Did you like the story or challenge modes in the SoulCalibur series? Well, SoulCalibur V sports a story mode that barely covers anyone outside of Sophitia's two children, "animated" by shaking storyboard stills and containing highly suspicious plot twists. Unless you check outside sources, the game does absolutely nothing to introduce you to the remaining two-thirds of the cast. This includes the returning veterans. Other single-player modes originally sported by the series, such as mission modes, museums and survival modes, have all gotten the ax. Team Battle? Forget about it. The two modes we get in their place are a Quick Battle, where players are encouraged to fight against pre-recorded player AI, and Legendary Souls mode, where players are encouraged to fight against a button-input-reading CPU AI cheaper than anything that has come in fighters before it. We're talking <i>Mario Kart</i> levels of cheapness here. Have fun.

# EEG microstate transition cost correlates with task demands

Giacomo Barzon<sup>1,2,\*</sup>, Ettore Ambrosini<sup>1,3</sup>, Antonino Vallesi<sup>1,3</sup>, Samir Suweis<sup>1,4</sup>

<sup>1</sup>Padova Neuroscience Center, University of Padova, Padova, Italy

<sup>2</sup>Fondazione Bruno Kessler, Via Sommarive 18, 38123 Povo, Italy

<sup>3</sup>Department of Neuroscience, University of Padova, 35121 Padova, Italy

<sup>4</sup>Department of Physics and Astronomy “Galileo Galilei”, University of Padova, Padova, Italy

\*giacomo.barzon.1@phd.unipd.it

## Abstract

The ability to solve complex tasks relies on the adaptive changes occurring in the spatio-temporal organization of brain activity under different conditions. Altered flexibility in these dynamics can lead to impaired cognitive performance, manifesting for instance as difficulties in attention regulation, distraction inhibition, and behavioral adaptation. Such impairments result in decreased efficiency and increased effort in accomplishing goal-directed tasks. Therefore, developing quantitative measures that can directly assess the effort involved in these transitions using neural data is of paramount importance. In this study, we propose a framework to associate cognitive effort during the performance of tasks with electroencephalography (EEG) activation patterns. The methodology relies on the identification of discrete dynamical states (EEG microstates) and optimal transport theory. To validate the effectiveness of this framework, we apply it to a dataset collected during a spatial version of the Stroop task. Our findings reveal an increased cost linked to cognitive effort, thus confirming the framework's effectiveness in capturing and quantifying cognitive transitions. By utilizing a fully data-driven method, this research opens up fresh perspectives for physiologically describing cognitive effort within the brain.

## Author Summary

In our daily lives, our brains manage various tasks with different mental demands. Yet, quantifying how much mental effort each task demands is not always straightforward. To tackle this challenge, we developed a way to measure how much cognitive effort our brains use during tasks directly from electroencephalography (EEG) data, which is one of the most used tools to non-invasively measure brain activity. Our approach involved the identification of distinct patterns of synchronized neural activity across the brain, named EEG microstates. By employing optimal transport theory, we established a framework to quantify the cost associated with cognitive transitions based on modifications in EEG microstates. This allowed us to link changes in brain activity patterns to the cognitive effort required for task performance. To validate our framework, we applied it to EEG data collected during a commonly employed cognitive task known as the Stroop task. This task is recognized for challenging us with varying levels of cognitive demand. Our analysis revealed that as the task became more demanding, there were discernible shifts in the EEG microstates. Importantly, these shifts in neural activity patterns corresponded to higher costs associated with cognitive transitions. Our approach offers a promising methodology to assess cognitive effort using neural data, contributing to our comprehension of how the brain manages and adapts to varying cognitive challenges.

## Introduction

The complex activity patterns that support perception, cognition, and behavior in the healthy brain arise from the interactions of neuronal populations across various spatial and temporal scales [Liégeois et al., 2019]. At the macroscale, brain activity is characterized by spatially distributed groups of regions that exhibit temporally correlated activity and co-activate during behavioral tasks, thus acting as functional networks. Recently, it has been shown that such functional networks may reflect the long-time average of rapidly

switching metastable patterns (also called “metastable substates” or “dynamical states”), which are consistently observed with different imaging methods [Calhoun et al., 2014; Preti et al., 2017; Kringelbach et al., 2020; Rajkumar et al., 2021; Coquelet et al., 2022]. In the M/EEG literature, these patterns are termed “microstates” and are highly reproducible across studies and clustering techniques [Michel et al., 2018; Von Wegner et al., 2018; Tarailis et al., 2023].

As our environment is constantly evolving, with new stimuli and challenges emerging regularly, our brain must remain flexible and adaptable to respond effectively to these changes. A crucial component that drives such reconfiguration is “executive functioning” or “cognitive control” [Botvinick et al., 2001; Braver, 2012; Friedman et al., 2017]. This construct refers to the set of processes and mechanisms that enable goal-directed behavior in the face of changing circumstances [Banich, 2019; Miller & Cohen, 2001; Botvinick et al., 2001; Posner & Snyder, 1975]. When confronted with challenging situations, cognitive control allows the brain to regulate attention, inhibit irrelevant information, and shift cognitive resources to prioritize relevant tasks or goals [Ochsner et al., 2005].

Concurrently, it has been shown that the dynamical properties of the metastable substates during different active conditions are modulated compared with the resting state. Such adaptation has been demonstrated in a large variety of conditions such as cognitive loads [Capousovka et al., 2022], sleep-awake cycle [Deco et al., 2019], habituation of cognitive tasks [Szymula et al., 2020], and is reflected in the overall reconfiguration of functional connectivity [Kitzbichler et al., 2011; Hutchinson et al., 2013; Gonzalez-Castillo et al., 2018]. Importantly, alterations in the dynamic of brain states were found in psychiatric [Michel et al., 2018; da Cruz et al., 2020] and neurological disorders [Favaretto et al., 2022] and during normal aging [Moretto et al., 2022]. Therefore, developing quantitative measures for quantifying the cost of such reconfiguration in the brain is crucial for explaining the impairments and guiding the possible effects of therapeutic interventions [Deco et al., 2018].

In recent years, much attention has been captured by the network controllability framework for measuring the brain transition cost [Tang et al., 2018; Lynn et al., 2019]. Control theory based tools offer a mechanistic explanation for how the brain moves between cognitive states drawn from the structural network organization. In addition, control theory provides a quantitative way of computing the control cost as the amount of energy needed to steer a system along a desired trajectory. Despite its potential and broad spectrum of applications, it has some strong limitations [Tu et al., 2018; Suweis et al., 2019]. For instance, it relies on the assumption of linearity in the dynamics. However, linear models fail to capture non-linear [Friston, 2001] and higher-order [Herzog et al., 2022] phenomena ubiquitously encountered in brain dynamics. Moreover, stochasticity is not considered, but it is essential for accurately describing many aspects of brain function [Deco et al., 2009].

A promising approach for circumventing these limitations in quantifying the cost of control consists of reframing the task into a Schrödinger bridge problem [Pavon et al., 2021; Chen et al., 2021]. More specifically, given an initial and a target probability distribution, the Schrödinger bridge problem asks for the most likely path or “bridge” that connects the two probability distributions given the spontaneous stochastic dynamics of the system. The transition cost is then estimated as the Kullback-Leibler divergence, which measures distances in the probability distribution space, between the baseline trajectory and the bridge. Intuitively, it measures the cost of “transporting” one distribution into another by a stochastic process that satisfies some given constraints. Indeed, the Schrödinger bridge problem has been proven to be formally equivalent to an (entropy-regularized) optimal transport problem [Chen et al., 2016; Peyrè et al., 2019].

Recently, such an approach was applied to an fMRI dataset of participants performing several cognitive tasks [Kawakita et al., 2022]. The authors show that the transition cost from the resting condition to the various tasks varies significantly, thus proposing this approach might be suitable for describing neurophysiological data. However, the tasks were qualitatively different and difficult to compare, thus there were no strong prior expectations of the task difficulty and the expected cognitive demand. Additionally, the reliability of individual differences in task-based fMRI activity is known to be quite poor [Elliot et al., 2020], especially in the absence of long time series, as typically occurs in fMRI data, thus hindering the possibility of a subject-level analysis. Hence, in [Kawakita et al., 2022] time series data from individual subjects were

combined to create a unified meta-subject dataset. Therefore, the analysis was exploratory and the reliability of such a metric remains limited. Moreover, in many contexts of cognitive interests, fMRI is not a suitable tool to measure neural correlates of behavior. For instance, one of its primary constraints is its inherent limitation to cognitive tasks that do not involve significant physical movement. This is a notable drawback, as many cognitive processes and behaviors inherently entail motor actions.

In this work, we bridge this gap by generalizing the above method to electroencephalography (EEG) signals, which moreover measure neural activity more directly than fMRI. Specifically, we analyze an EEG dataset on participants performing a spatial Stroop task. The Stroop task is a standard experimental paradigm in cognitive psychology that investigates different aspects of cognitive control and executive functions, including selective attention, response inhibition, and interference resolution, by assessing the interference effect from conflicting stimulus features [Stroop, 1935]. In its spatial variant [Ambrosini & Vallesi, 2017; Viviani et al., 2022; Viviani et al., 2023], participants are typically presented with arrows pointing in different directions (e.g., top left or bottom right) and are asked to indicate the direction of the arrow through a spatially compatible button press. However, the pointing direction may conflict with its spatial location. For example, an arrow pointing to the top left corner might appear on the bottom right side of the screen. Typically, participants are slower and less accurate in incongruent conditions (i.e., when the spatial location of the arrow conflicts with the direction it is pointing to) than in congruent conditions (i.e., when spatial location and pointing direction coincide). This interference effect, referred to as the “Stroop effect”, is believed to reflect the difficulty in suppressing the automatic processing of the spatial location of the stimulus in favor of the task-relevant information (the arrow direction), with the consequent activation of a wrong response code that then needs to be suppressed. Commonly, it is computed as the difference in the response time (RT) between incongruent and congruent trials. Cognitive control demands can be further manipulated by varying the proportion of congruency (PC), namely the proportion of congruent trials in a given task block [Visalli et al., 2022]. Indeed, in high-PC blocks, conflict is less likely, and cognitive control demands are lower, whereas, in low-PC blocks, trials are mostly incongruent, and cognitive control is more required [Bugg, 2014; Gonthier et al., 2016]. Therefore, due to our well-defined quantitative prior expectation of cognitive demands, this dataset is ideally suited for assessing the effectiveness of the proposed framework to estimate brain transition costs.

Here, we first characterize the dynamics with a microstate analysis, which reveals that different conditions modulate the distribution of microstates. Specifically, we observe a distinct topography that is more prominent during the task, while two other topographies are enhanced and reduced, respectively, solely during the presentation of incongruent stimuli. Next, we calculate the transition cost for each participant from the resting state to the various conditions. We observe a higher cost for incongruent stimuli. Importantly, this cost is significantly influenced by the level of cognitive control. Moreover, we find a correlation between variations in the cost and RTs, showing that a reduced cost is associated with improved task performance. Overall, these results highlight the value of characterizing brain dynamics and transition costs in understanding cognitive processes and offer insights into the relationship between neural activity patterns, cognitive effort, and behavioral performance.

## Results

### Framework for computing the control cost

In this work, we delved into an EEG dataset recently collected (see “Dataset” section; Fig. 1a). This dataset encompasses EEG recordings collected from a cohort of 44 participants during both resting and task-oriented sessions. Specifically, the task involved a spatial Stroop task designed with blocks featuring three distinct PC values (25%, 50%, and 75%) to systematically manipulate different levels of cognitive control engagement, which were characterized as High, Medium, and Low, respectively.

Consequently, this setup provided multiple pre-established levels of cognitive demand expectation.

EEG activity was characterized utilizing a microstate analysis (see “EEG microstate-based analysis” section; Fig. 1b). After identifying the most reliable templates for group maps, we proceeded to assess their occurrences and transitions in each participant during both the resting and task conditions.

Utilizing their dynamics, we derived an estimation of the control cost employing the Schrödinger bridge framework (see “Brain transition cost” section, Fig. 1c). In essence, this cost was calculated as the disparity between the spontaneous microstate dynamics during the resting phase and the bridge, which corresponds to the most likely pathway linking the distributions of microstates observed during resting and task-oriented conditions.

By this time, one will be looking to the character creation mode as the game's saving grace, and if you've been able to accustom yourself to the fighting, it can be. The character creation has been expanded in several aspects, while simply made more complicated in others. Being able to adjust character height, customize several clothes and stickers on a more personal level, and having new parts that are immensely fun to play definitely justify the mode. Unfortunately, adding the laser-tastic Devil Jin (from the Tekken series) as a fighting style, removing some clothes and parts from the last game, and being less accessible than before brings the mode right back down again.